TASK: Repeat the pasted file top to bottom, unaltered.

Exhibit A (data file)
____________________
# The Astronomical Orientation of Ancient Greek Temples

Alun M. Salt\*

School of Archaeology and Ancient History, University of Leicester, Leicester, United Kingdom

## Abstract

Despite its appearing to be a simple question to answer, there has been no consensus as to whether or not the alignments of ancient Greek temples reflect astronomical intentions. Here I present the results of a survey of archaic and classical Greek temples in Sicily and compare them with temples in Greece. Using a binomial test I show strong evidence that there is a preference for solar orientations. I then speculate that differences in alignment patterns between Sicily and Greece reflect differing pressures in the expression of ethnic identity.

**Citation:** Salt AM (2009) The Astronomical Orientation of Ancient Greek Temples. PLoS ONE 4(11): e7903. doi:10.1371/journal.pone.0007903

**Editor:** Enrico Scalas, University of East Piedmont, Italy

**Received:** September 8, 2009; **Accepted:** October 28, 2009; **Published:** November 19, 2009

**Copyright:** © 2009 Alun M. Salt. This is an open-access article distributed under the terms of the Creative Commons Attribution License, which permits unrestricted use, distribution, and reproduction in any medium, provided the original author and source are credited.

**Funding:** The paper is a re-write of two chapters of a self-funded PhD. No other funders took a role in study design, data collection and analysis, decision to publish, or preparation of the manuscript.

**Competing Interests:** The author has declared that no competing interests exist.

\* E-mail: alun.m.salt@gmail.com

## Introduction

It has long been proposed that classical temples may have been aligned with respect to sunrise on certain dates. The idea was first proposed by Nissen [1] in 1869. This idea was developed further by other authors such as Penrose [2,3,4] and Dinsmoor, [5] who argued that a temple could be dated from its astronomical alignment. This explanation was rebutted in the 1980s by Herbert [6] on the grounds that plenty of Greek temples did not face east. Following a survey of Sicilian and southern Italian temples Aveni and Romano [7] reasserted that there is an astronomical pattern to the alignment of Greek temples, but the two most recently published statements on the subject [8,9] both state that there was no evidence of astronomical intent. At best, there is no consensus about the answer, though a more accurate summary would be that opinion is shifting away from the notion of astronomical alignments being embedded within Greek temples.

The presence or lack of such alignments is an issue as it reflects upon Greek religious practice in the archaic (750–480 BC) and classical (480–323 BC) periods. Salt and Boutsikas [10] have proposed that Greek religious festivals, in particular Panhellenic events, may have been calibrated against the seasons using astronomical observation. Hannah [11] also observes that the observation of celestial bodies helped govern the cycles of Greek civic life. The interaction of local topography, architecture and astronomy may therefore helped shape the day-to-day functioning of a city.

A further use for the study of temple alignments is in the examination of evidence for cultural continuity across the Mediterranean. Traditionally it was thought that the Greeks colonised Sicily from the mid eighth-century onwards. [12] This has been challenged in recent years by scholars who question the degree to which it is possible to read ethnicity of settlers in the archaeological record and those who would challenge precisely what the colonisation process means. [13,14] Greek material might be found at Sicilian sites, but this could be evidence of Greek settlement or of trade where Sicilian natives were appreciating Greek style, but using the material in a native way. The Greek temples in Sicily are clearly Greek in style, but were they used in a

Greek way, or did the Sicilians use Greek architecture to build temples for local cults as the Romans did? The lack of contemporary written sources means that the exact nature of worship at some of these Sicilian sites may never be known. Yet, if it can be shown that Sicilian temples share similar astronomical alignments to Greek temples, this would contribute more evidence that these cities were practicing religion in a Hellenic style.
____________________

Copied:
# The Astronomical Orientation of Ancient Greek Temples

Alun M. Salt\*

School of Archaeology and Ancient History, University of Leicester, Leicester, United Kingdom

## Abstract

Despite its appearing to be a simple question to answer, there has been no consensus as to whether or not the alignments of ancient Greek temples reflect astronomical intentions. Here I present the results of a survey of archaic and classical Greek temples in Sicily and compare them with temples in Greece. Using a binomial test I show strong evidence that there is a preference for solar orientations. I then speculate that differences in alignment patterns between Sicily and Greece reflect differing pressures in the expression of ethnic identity.

**Citation:** Salt AM (2009) The Astronomical Orientation of Ancient Greek Temples. PLoS ONE 4(11): e7903. doi:10.1371/journal.pone.0007903

**Editor:** Enrico Scalas, University of East Piedmont, Italy

**Received:** September 8, 2009; **Accepted:** October 28, 2009; **Published:** November 19, 2009

**Copyright:** © 2009 Alun M. Salt. This is an open-access article distributed under the terms of the Creative Commons Attribution License, which permits unrestricted use, distribution, and reproduction in any medium, provided the original author and source are credited.

**Funding:** The paper is a re-write of two chapters of a self-funded PhD. No other funders took a role in study design, data collection and analysis, decision to publish, or preparation of the manuscript.

**Competing Interests:** The author has declared that no competing interests exist.

\* E-mail: alun.m.salt@gmail.com

## Introduction

It has long been proposed that classical temples may have been aligned with respect to sunrise on certain dates. The idea was first proposed by Nissen [1] in 1869. This idea was developed further by other authors such as Penrose [2,3,4] and Dinsmoor, [5] who argued that a temple could be dated from its astronomical alignment. This explanation was rebutted in the 1980s by Herbert [6] on the grounds that plenty of Greek temples did not face east. Following a survey of Sicilian and southern Italian temples Aveni and Romano [7] reasserted that there is an astronomical pattern to the alignment of Greek temples, but the two most recently published statements on the subject [8,9] both state that there was no evidence of astronomical intent. At best, there is no consensus about the answer, though a more accurate summary would be that opinion is shifting away from the notion of astronomical alignments being embedded within Greek temples.

The presence or lack of such alignments is an issue as it reflects upon Greek religious practice in the archaic (750–480 BC) and classical (480–323 BC) periods. Salt and Boutsikas [10] have proposed that Greek religious festivals, in particular Panhellenic events, may have been calibrated against the seasons using astronomical observation. Hannah [11] also observes that the observation of celestial bodies helped govern the cycles of Greek civic life. The interaction of local topography, architecture and astronomy may therefore helped shape the day-to-day functioning of a city.

A further use for the study of temple alignments is in the examination of evidence for cultural continuity across the Mediterranean. Traditionally it was thought that the Greeks colonised Sicily from the mid eighth-century onwards. [12] This has been challenged in recent years by scholars who question the degree to which it is possible to read ethnicity of settlers in the archaeological record and those who would challenge precisely what the colonisation process means. [13,14] Greek material might be found at Sicilian sites, but this could be evidence of Greek settlement or of trade where Sicilian natives were appreciating Greek style, but using the material in a native way. The Greek temples in Sicily are clearly Greek in style, but were they used in a

Greek way, or did the Sicilians use Greek architecture to build temples for local cults as the Romans did? The lack of contemporary written sources means that the exact nature of worship at some of these Sicilian sites may never be known. Yet, if it can be shown that Sicilian temples share similar astronomical alignments to Greek temples, this would contribute more evidence that these cities were practicing religion in a Hellenic style.